This sweetener comes in a 50 gram resealable bag, so it’s good for occasional use and it still 100% pure and free of any additives.
4. Hard Rhino Sucralose
Hard Rhino Sucralose is a pretty solid powder-form sucralose product that comes in a hefty 250 gram bag, with an option of even more in larger sizes. The bag reaseals fairly well and the product is 100% pure, making it a good pick for a bulk option.
5. SucraDrops Liquid Sucralose
SucraDrops Liquid Sucralose is extremely convenient for adding sweetness to coffee and tea, since it’s already in liquid form.
There is sucralose dissolved in distilled water, along with some preservatives and stabilizers like potassium sorbate and sodium benzoate.
These last few ingredients won’t win over more stringent purists, but then again, there are better options for sugar replacements if you want natural options anyways.
6. Keto and Co Truly Zero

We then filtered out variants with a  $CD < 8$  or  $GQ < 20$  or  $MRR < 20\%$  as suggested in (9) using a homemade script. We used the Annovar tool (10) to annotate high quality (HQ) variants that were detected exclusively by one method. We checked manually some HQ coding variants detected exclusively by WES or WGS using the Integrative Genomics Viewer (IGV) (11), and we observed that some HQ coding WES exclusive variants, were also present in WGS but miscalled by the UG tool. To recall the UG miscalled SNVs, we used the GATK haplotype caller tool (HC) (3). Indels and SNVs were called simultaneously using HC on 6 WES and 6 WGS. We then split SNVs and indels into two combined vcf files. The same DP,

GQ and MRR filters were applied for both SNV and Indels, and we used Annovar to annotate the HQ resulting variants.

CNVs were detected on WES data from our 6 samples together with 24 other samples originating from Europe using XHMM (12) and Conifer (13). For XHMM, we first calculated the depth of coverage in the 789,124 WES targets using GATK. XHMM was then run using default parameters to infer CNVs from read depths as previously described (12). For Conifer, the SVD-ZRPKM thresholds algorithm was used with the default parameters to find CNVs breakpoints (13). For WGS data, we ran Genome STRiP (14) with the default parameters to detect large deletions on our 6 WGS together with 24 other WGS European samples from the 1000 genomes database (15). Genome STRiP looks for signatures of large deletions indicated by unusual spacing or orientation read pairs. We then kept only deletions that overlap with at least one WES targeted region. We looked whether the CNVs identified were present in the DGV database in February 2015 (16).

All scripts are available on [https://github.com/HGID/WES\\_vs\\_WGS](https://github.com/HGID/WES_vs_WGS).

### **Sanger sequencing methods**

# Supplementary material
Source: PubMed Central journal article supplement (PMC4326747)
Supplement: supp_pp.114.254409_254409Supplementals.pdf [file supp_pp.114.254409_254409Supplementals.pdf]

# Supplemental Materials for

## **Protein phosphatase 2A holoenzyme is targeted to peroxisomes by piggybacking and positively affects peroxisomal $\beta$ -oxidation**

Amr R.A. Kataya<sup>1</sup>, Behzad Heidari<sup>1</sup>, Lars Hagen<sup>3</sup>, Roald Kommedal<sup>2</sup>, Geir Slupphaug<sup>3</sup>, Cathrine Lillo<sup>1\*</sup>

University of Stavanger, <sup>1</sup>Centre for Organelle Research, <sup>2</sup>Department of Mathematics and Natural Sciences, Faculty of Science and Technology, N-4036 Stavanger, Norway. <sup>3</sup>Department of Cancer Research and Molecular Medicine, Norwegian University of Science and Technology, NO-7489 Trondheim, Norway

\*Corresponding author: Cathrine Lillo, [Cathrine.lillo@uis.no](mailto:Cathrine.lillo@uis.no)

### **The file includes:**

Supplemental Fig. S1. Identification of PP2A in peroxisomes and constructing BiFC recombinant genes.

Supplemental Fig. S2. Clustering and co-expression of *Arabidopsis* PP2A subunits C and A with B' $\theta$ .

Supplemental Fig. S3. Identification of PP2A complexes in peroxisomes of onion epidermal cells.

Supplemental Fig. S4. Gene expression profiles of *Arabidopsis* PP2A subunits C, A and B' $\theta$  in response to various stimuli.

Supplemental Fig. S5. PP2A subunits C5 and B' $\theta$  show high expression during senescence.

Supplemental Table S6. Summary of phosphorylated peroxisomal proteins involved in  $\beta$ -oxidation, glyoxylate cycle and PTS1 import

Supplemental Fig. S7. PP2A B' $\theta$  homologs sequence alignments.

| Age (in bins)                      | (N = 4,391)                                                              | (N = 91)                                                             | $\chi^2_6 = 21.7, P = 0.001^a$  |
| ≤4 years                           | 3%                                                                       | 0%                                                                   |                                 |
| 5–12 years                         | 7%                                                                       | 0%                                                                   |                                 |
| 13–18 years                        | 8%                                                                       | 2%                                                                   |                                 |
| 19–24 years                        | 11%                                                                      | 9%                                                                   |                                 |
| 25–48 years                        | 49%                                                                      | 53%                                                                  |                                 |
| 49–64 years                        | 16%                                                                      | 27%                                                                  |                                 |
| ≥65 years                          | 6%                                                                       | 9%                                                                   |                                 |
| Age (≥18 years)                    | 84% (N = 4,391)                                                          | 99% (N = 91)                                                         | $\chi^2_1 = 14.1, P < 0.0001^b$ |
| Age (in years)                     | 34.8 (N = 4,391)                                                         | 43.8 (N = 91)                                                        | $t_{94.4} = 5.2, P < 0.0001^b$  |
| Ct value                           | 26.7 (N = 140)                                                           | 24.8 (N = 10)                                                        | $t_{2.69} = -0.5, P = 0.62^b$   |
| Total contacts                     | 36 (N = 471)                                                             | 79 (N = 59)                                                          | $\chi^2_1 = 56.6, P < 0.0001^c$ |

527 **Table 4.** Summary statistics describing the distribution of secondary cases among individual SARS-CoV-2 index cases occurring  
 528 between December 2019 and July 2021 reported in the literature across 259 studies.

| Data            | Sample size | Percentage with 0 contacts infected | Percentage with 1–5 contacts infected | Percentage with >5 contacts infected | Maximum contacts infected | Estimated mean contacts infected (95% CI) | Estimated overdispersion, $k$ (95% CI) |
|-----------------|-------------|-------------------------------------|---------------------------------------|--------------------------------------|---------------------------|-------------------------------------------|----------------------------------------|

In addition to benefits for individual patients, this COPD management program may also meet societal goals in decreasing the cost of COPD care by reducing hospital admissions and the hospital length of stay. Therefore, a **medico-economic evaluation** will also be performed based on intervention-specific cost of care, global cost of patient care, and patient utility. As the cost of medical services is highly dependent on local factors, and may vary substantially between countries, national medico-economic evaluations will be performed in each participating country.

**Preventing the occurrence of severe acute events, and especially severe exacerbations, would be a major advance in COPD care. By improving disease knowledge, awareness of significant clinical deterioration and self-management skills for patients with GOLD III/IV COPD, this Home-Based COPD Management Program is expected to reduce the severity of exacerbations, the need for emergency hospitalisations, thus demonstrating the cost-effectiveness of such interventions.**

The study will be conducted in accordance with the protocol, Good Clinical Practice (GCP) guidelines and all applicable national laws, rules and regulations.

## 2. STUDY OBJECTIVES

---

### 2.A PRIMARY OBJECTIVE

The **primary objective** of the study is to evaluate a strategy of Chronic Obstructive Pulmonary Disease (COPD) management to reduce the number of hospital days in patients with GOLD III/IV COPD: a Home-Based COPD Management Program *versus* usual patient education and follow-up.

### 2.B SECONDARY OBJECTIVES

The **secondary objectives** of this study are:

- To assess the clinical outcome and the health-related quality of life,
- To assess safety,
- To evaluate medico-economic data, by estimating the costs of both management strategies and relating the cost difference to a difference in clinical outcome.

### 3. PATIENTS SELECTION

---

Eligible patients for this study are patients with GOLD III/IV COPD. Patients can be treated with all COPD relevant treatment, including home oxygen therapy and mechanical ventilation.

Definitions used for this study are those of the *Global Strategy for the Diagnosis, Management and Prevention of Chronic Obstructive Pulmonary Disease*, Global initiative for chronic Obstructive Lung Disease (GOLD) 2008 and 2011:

Keto and Co Truly Zero make a tiny travel-sized bottle of liquid sucralose designed for keto dieters that can’t get by without a little sweetness in their coffee or tea.
The tiny travel size is great, though it’d be better if this sucralose solution didn’t rely on sodium benzoate as a preservative.
EZ-Sweetz is a liquid sucralose supplement that comes in a discrete pocket-sized container that makes it well-suited for travel.
If you want to be able to add some sweetness to your morning coffee without adding real sugar, EZ-Sweetz is a good choice. Like many other liquid form sucralose sweeteners, it uses preservatives that some people may dislike, such as sodium benzoate.